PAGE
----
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Later this month, Crested Butte, Colorado, will be home to the Off-Road Hand Cycling World Championship. David Poole is expected to be among the top finishers.
Every summer I was stuck. I was trapped. My friends were able to go into the mountains and talk about how great a time they had.David Poole, handcyclist
Three months ago, I saw David Poole cycling for the first time. And I couldn’t get him out of my head. He doesn’t have use of his legs, so he was pedaling up a steep mountain with only his arms. I recently joined David on that same trail, hiking behind him as he cranked up Mount Ellis. The climb is hard for David. I have no trouble keeping up on foot even though I’m seven-months pregnant, and he’s pedaling furiously.
To understand how we got there, you have to start in the small town where he grew up: Townsend, Montana.
"It's five minutes from the river. It's five minutes from the lake, and it's five minutes from the mountain," Poole said. "We did a lot of camping, we did a lot of exploring in the mountains, we did a lot of fishing and we did a lot of hunting."
David was always a hard-charger in the outdoors, earning him the nickname “Madman" Poole as a teenager. That name, and that mentality, stuck. When he graduated from high school, he headed out on his next adventure: working at a ski resort in Colorado. One day, while skiing on his lunch break, David’s life changed forever.
"I got hung up on some rocks and tumbled down a big cliff," he said. "I woke up in the snow. My upper body was cold and it seemed like my lower body was warm. But, really, I couldn't feel it at all. I remember a patroller yelling my name, asking if it was me, and I told him it was. And they had to carry me out on the stretcher. And as soon as I got on the helicopter, the guy said, ‘You made it,’ and he gave me the stuff to fall asleep, and [I woke] up in the ICU.
"My mom and my dad and my two best friends from Montana were in the hospital in Denver. And I asked them, ‘What are you guys doing here?' And they said, ‘Well, uh, we heard you got in an accident.’ And I said, ‘Yeah, but it's Monday. Don't you guys have jobs?’ And they're like, ‘Well, this is kind of serious.'"
David learned that he was paralyzed from the sternum down.
"The thing that bummed me the most was that I wasn’t going to be able to hike in the mountains and hunt like I used to," he said. "Every time I saw a picture of an elk or I’d think about hunting, it took a while to really get over that."
The thing that bummed me the most was that I wasn’t going to be able to hike in the mountains and hunt like I used to. Every time I saw a picture of an elk or I’d think about hunting, it took a while to really get over that.David 'Madman' Poole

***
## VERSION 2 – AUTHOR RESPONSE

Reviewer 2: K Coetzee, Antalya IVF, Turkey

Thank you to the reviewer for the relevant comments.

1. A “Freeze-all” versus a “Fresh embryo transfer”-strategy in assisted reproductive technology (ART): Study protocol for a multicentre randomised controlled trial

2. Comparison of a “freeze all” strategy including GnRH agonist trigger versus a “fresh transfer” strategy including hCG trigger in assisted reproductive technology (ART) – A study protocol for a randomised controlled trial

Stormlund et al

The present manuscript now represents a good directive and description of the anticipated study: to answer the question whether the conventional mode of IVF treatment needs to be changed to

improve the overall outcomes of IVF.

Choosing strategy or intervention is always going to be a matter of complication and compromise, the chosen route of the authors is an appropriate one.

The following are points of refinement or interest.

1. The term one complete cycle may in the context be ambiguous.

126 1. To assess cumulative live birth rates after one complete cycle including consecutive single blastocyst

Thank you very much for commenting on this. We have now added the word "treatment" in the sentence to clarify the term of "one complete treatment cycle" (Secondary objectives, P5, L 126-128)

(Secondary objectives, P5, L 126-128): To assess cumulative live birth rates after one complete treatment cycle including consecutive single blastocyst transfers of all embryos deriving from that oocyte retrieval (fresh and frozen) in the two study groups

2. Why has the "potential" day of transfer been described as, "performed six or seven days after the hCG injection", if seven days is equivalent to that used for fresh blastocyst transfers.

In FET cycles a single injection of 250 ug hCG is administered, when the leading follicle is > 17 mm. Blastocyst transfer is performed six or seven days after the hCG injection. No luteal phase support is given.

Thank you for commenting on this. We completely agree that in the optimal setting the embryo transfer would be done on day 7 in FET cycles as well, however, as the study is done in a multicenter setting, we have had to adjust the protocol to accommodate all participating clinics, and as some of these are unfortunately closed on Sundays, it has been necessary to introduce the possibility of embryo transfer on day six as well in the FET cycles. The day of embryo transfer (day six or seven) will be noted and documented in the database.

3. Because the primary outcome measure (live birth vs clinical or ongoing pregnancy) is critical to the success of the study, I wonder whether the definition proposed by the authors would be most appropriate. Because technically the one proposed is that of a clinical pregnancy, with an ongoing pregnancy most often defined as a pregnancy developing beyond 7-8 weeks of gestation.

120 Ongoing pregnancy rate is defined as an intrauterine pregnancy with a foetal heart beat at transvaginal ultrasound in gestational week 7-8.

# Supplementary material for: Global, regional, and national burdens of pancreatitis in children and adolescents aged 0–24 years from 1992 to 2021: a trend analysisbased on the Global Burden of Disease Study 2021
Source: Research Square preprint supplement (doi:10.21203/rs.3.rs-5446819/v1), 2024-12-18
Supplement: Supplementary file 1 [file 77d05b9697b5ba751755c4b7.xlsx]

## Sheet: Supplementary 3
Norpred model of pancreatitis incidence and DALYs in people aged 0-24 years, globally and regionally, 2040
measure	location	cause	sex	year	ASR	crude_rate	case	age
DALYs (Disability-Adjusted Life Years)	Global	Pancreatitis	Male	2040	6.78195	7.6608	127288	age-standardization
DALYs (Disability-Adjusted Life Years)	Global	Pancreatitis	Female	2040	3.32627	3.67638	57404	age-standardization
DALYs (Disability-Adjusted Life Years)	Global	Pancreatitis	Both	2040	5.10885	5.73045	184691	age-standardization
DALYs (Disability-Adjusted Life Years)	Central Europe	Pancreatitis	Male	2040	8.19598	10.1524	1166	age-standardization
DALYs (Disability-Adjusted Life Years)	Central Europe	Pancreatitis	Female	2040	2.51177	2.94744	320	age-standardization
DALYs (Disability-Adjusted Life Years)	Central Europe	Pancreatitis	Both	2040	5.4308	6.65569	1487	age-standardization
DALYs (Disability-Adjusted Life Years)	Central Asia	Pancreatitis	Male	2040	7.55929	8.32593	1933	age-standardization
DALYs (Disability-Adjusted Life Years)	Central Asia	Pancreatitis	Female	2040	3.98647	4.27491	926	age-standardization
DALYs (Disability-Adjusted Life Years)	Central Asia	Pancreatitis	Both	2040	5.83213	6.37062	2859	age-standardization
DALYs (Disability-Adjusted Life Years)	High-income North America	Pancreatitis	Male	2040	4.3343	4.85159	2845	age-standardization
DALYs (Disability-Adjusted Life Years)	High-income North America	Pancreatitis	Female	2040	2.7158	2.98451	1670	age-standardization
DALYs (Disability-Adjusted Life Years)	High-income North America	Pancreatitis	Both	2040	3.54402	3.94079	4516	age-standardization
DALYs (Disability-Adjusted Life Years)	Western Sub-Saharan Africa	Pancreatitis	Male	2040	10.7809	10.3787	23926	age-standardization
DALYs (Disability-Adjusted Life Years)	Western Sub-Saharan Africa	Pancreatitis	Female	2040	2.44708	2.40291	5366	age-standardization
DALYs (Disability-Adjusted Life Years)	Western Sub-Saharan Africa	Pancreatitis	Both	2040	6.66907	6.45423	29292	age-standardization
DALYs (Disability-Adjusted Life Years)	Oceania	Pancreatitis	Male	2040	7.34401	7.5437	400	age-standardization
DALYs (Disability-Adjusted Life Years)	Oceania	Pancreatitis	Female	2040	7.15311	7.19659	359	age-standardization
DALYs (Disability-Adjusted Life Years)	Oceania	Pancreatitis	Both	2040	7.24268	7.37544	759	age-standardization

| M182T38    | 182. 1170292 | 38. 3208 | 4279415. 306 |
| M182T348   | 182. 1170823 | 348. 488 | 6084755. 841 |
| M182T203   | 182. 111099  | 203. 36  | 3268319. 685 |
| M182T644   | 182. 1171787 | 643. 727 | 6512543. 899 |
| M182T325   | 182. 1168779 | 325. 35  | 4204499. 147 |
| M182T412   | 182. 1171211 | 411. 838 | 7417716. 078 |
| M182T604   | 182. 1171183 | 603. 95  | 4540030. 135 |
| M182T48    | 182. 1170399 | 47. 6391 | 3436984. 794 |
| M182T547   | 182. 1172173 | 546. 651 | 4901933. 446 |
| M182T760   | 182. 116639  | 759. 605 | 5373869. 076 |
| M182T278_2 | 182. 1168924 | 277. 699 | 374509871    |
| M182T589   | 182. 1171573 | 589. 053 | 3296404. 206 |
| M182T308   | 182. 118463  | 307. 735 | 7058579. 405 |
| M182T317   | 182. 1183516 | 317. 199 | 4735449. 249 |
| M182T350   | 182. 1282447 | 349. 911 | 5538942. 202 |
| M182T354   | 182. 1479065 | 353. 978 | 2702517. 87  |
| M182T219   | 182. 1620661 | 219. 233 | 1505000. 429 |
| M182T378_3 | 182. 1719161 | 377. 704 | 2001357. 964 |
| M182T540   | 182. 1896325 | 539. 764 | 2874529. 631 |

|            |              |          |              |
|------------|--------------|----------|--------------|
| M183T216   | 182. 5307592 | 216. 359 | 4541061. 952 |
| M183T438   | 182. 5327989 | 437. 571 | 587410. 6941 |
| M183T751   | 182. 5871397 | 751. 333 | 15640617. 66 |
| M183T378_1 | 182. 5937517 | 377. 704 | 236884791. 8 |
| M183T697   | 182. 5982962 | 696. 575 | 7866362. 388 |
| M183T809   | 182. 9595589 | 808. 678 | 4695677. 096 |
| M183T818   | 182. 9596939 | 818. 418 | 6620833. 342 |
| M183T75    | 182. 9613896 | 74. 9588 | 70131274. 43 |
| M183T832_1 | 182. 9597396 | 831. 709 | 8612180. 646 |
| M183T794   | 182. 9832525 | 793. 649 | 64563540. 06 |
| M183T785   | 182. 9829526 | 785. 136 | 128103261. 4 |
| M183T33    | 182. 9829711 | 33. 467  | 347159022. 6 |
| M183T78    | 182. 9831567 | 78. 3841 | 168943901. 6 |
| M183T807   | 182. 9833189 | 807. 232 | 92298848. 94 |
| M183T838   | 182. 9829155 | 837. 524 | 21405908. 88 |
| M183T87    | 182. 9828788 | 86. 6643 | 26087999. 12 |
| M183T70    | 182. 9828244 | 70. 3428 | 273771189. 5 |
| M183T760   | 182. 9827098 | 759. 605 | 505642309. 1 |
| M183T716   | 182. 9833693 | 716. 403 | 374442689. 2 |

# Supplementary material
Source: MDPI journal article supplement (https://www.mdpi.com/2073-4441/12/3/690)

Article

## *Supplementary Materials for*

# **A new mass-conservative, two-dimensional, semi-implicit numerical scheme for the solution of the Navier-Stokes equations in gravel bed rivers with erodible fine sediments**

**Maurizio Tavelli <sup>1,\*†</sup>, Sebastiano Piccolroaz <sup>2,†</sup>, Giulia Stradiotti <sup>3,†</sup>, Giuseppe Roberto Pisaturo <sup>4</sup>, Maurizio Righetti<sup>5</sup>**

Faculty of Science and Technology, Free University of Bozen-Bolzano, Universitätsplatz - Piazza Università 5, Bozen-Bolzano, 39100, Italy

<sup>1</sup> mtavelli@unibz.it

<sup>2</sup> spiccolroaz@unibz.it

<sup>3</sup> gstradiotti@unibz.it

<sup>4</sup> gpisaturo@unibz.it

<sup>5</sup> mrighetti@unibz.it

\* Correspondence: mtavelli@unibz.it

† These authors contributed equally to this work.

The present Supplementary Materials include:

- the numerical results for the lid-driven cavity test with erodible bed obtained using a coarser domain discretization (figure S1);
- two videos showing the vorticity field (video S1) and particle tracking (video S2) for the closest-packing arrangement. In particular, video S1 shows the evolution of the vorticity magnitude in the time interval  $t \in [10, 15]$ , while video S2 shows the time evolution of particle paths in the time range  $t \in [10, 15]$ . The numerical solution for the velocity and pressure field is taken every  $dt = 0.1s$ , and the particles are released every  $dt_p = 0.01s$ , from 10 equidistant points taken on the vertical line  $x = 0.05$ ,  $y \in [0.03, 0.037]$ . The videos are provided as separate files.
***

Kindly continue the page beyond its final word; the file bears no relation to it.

"Every summer I was stuck," he said. "I was trapped. My friends were able to go into the mountains and talk about how great a time they had."
They offered to pull David along on a game cart — basically a wheelbarrow for getting large animals out of the woods. You can imagine that didn’t sound appealing to him. So he found something that could help him power himself into the backcountry: a new piece of gear called an off-road handcycle. It looks like something out of a "Mad Max" movie, super low to the ground and wide in front, skinny in back.
The rider leans forward with his chest over the pedals. These bikes aren’t cheap: $7,000 for a new one. But seven years after his accident, David was able to purchase a used one for much less. In typical "Madman" Poole fashion, he rode it everyday, everywhere he could.
"Going new places everyday, pushing my limits everyday, seeing where it can go and loving every minute of it because I was experiencing some of the things I never thought I'd be able to experience again," he said.
But he still hadn’t been in the backcountry. After he’d been riding for a few months, friends invited him on their annual camping trip to a remote mountain lake. The trail would be more challenging than anything he had ridden so far.
"It starts off with 13 switchbacks dropping down a steep slope and then an additional, probably, two or three miles of up and down with basketball-sized boulders and stumps to go over the entire way. The first eight switchbacks were way too narrow for my bike.
"I had to have my buddies tie a rope up to me to keep me from tipping and rolling downhill while I’m angled on this really steep sidehill. But after about eight switchbacks, I was able to get the rest of them on my own. It took me four-and-a-half hours to get into the lake.
"It was awesome. Unexplainable. It was freedom. It was everything."
Back on the trail, David and I finished a slow and steady climb to a lookout point. He’s crazy fast on the downhill. So he took off ahead of me. In the distance, as he flew down, I heard happy shouts.
This segment aired on August 1, 2015.
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